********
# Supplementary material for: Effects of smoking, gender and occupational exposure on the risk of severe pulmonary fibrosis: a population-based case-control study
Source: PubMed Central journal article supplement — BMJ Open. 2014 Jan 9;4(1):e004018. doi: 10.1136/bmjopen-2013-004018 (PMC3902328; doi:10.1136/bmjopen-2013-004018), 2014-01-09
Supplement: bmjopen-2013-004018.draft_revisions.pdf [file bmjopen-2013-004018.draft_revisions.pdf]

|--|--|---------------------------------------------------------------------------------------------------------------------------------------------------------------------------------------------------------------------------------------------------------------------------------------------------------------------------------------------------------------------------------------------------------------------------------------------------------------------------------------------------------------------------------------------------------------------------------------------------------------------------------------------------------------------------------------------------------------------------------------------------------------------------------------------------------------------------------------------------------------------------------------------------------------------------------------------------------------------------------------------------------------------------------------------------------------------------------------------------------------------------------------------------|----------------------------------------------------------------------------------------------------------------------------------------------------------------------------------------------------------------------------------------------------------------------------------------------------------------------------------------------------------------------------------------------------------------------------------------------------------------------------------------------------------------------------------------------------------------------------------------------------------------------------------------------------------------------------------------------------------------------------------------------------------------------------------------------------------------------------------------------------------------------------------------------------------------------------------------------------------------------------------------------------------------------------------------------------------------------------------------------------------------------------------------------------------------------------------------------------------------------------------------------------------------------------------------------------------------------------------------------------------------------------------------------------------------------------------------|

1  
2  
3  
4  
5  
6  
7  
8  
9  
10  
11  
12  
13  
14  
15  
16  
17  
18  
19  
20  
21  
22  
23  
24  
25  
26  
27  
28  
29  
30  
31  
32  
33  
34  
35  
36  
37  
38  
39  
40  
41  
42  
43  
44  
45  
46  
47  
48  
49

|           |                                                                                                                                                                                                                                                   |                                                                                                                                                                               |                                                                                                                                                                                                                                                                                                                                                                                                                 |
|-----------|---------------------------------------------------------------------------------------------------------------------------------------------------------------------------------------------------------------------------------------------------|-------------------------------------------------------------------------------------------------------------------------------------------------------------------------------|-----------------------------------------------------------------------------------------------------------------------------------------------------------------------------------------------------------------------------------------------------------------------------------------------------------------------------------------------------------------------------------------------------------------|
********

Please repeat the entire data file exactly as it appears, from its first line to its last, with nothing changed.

# Supplementary material for: Effects of smoking, gender and occupational exposure on the risk of severe pulmonary fibrosis: a population-based case-control study
Source: PubMed Central journal article supplement — BMJ Open. 2014 Jan 9;4(1):e004018. doi: 10.1136/bmjopen-2013-004018 (PMC3902328; doi:10.1136/bmjopen-2013-004018), 2014-01-09
Supplement: bmjopen-2013-004018.draft_revisions.pdf [file bmjopen-2013-004018.draft_revisions.pdf]

|--|--|---------------------------------------------------------------------------------------------------------------------------------------------------------------------------------------------------------------------------------------------------------------------------------------------------------------------------------------------------------------------------------------------------------------------------------------------------------------------------------------------------------------------------------------------------------------------------------------------------------------------------------------------------------------------------------------------------------------------------------------------------------------------------------------------------------------------------------------------------------------------------------------------------------------------------------------------------------------------------------------------------------------------------------------------------------------------------------------------------------------------------------------------------|----------------------------------------------------------------------------------------------------------------------------------------------------------------------------------------------------------------------------------------------------------------------------------------------------------------------------------------------------------------------------------------------------------------------------------------------------------------------------------------------------------------------------------------------------------------------------------------------------------------------------------------------------------------------------------------------------------------------------------------------------------------------------------------------------------------------------------------------------------------------------------------------------------------------------------------------------------------------------------------------------------------------------------------------------------------------------------------------------------------------------------------------------------------------------------------------------------------------------------------------------------------------------------------------------------------------------------------------------------------------------------------------------------------------------------------|

1  
2  
3  
4  
5  
6  
7  
8  
9  
10  
11  
12  
13  
14  
15  
16  
17  
18  
19  
20  
21  
22  
23  
24  
25  
26  
27  
28  
29  
30  
31  
32  
33  
34  
35  
36  
37  
38  
39  
40  
41  
42  
43  
44  
45  
46  
47  
48  
49

|           |                                                                                                                                                                                                                                                   |                                                                                                                                                                               |                                                                                                                                                                                                                                                                                                                                                                                                                 |
|-----------|---------------------------------------------------------------------------------------------------------------------------------------------------------------------------------------------------------------------------------------------------|-------------------------------------------------------------------------------------------------------------------------------------------------------------------------------|-----------------------------------------------------------------------------------------------------------------------------------------------------------------------------------------------------------------------------------------------------------------------------------------------------------------------------------------------------------------------------------------------------------------|